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I'm planning on building a base for a queen-sized mattress, and need to decide on a material for the base's sub-structure frame. I am planning on covering/cladding this frame with a hardwood like White or French Oak. I know that mixing hardwoods and softwoods together is ill-advised due to wood movement especially in softwood, but building the entire sub-structure frame out of even a cheap hardwood will push this project way out of budget.

There is a company in my area that sells reclaimed Baltic Pine (I live in South Africa). I've worked with it before and it seems to be about the same density as our regular local pine (may be a bit harder if I do a thumbnail-press-test). This option would be great as it would bring me in way under budget.

My second option would be to use cheap 15mm Pine Plywood (I think these have an Okoume core) and laminate them together to create the needed structural components. However, I've worked out that for this project, I would therefore need to purchase at least 4 sheets which will cost me 6x the amount of purchasing the required Baltic Pine.

I haven't given any thought yet to what method I will be using to attach the hardwood to the frame, but I'll probably end up settling on using regular cold wood glue and countersunk screws.

So my question is, is there a way I can make this work using the Baltic Pine?

The picture below is just a depiction of what I have in mind, using the frame posts as an example.

enter image description here

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    Hi, welcome to Woodworking. There are hundreds if not thousands of hand-tool workbenches out there built from pine that outlasted their builder or first owner, does that answer your basic question?
    – Graphus
    Aug 11 at 16:35
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In short, to answer your question, I don't think this is the best design for softwood construction.

I think the material you choose will drive the joinery, not the other way around. Either will do, but the best way to make a carcase out of plywood will not be the best way to make a carcase out of pine.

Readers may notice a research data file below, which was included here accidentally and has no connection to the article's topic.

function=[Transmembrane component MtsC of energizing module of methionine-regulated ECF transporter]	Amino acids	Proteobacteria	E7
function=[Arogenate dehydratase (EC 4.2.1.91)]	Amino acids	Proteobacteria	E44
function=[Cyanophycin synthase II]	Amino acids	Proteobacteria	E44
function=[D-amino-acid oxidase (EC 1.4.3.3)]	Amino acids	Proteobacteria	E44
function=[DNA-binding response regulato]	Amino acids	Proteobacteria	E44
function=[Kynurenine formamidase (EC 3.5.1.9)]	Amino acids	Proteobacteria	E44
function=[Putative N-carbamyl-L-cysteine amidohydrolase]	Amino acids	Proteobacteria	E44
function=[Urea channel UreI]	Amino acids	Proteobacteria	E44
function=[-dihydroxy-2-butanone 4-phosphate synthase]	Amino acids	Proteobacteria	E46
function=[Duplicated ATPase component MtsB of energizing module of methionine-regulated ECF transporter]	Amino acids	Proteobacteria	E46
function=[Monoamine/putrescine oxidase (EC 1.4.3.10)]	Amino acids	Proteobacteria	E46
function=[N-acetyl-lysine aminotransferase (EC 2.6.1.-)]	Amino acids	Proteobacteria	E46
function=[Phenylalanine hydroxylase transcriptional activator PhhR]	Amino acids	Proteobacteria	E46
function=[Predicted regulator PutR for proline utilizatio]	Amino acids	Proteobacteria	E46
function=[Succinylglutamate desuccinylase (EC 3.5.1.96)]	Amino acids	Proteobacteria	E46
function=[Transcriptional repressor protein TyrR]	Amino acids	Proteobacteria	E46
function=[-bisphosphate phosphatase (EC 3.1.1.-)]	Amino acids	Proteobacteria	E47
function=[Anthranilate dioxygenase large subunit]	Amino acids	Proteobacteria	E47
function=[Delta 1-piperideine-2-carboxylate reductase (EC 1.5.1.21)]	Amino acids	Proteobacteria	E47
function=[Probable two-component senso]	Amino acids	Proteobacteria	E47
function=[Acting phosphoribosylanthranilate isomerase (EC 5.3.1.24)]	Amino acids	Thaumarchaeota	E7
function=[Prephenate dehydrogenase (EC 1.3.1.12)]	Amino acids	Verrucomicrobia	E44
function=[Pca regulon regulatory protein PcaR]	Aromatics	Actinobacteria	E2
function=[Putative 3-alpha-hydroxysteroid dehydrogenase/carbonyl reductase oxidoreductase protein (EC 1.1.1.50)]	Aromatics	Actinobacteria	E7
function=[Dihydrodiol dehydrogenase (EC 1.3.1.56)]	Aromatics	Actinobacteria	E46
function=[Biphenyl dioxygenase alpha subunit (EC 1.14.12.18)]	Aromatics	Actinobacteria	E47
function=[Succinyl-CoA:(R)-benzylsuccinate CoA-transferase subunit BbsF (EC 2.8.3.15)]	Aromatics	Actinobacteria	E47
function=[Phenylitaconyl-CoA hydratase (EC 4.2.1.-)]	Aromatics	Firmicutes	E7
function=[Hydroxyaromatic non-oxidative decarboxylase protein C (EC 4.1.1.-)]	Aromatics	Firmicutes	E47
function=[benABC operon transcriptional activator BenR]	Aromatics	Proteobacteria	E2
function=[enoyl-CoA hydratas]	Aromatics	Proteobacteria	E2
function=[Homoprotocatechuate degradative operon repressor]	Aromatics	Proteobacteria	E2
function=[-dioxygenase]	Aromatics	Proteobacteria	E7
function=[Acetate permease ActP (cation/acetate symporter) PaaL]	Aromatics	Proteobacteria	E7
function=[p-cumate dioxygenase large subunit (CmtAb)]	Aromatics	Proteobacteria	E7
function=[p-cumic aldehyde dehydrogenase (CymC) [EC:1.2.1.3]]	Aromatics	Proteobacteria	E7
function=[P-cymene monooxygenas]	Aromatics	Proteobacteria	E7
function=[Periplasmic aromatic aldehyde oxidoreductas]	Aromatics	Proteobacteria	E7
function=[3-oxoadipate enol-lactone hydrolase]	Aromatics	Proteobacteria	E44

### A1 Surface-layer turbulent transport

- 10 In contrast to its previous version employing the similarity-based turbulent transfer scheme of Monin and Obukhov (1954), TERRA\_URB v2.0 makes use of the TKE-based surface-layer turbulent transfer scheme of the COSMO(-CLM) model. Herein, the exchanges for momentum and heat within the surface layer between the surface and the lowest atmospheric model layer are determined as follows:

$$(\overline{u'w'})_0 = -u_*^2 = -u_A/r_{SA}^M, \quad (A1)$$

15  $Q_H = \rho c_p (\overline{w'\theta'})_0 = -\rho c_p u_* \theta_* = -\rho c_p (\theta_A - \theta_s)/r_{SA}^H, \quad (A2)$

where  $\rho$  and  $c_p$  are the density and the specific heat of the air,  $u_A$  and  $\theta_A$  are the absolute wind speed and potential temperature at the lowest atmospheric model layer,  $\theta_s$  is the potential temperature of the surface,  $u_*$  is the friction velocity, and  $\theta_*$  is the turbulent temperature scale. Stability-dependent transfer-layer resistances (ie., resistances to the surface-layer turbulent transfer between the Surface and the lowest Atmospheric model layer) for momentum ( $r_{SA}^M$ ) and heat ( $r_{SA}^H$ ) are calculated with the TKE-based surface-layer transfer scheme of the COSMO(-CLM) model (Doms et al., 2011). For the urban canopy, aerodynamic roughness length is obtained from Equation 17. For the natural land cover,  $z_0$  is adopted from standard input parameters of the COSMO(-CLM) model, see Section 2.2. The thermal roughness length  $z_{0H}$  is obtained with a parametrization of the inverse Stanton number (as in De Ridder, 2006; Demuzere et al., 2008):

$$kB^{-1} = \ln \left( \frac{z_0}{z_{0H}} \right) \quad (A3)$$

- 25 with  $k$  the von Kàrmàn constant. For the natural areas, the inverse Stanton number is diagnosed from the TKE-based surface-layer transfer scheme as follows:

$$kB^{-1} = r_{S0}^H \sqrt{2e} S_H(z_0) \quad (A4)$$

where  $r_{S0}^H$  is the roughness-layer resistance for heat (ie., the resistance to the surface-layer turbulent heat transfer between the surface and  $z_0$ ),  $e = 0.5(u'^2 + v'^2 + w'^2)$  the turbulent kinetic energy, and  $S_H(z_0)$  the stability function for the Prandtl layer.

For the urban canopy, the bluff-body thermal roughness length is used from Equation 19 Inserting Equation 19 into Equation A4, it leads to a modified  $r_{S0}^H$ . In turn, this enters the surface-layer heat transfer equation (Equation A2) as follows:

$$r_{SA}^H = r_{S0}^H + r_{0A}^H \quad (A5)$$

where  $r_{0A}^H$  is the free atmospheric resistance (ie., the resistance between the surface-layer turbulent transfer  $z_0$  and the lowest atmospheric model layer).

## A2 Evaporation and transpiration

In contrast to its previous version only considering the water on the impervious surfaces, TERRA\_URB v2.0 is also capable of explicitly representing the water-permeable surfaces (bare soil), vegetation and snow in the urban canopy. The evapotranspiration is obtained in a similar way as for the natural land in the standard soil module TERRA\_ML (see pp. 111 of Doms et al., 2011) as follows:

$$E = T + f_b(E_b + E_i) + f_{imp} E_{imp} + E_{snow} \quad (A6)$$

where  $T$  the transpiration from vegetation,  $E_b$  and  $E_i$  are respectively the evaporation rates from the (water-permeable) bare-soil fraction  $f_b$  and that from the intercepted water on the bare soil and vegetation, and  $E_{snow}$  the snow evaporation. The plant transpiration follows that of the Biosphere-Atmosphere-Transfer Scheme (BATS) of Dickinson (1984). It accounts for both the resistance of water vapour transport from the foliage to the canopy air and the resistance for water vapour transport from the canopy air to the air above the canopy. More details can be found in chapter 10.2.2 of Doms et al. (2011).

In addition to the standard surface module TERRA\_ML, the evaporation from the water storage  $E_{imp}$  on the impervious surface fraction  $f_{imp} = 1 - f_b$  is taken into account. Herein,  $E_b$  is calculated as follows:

Plywood takes fasteners and glue really well, and is very stable in all directions under most circumstances. So simple joints like you show will be stable and probably won't change much under static and racking loads.

Pine, depending on overall quality, will likely deform and can wallow out where fasteners go through it. It will move with the relative humidity along one axis more than the others over time, loosening glue and screw joints. So, for example, the way you show the pine on either side of the foot or compression piece may start to move and check over time because of natural wood movement and racking forces.

Decide on the material, then use that material the way that reinforces its strengths and minimizes the weaknesses.

Or, choose your design and let that inform the material you use.

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    Alternatively, choose the assembly methods desired then pick the material that works best with those methods.
    – FreeMan
    Aug 11 at 17:55
  • @FreeMan, absolutely true, though in this case the question is primarily about what material to use. But we can turn it around and say if a specific plan is in mind, then choose the appropriate material for that plan.
    – jdv
    Aug 11 at 22:15
  • @jdv, my sincerest apologies for the delayed reply ... the virus caught hold of me. thankfully okay now. Thank you so so muh for your feedback, It does makes sense what you are saying. I'm going to bite the bullet and opt to build the core frame from plywood. Does the type of Plywood matter? Do I have to go with something like a birch plywood, or would a cheap Pine Shutterply work?
    – Shalan
    Aug 28 at 22:14
  • Cheaper "one side good" should suffice. It depends on how much of it is expected to be seen and "felt". Expensive birch veneers finish nicely, whereas even OSG can be a little rustic.
    – jdv
    Aug 28 at 22:49
  • no part of the core frame will be seen or felt
    – Shalan
    Sep 7 at 22:54
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I see no reason that your bed would not work with the framework built of pine. All over the world, structures from sheds and other outbuildings to whole houses are built with softwoods and to me your component parts do not seem undersized for the intended use.

When it comes to mixing hardwoods and conifers being ill-advised, I don't know about it. The traditional base for European veneered and marking furniture was pine. Drawers in fine furniture usually had bodies built of softwood with only the front of hardwood, a system still in use today. So there is actually a long tradition to do just as you plan to - use hardwood for appearance and softwood for those parts that are not visible.

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